Learning Through Play

THE ACT OF PLAYING is an important tool that influence’s a child’s life. The primary goals of childhood are to grow, learn, and have fun playing. It is often through play that children learn to make sense of the world around them. It is a child’s “job” or “occupation” to play to develop physical coordination, emotional maturity, social skills to interact with other children, and self-confidence to try new experiences and explore new environments.

Occupational Therapy practitioners have expertise in evaluating children’s neurological, muscular, and emotional development; and determining the effects of infant and childhood illness on growth and development.

What Can Parents and Families Do? What Can an Occupational Therapy Practitioner Do?

Encourage sensory rich play by using balls, sand and water toys, slides, swings, finger paints, and magnets. Sensory play provides children to use all of their senses – smell, touch, sound, vision, and movement – integrated into what appears to be a single activity.

Help adapt toys or modify the environment to provide optimal sensory input without overwhelming the child.

Encourage manipulative play, such as using play dough, LEGOs, and board games. Toys such as puzzles, pegboards, beads, and lacing cards help improve the child’s eye–hand coordination and dexterity.

Recommend toys and play activities that provide the “just right” challenge for the child, so he or she learns while having fun. The occupational therapy practitioner can also recommend ways to build on the child’s strengths and abilities.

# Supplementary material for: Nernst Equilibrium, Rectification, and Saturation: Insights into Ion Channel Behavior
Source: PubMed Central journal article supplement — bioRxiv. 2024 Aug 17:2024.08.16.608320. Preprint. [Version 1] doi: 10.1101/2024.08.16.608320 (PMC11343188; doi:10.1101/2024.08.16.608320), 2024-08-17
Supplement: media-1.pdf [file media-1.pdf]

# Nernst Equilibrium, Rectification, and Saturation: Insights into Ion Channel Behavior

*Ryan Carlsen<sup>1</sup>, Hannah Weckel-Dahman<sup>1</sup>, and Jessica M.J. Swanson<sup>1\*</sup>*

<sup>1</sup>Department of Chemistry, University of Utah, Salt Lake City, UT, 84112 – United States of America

Promote imaginative or pretend play with things like dolls, G.I. Joe figurines and stuffed animals, toy furniture, puppets, and telephones. Pretend play encourages creativity and role playing and provides an opportunity to rehearse social skills.

Offer play opportunities that encourage turn taking and problem solving. Consider family routines and priorities when recommending play strategies. Observe, identify, and develop play strategies that promote a healthy lifestyle and relationships.

Choose toys that are appropriate to the child’s age and/or maturity level. They do not have to be pricey or challenging for the child to benefit. Common objects, such as pots and pans, empty boxes, spools of thread, shoelaces, and wooden spoons are readily accessible and encourage children to use their imagination as there are no moving parts.

Suggest toys that will help the child develop particular skills, while having fun. Think of ways for family members to be a part of child’s play, family is the child’s first playmate. Suggest toys and play activities that are fun for children of all abilities and ages. Collaborate with educators and caregivers to enhance playtime at home, recess at school, and during community outings.

Remember when choosing a toy to consider whether a child must be supervised while playing with it. Toys should not have small pieces that come apart easily or can be ingested.

Help determine what toys will be safe, developmentally appropriate, and funspecifically for your child, based on an evaluation and in consideration of the child’s and family’s needs and goals.

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Need more information on how occupational therapists can promote play for children?

Occupational therapy practitioners promote play for all children, with or without disabilities. Play challenges could indicate a need for further assessment. If you would like to consult an Occupational Therapist directly, contact your local Occupation Therapy clinic. You can also ask your physician, other health professionals, and your school district’s director of special education for information on how you can access an Occupational Therapist in your area.

Links: 
AOTA.org

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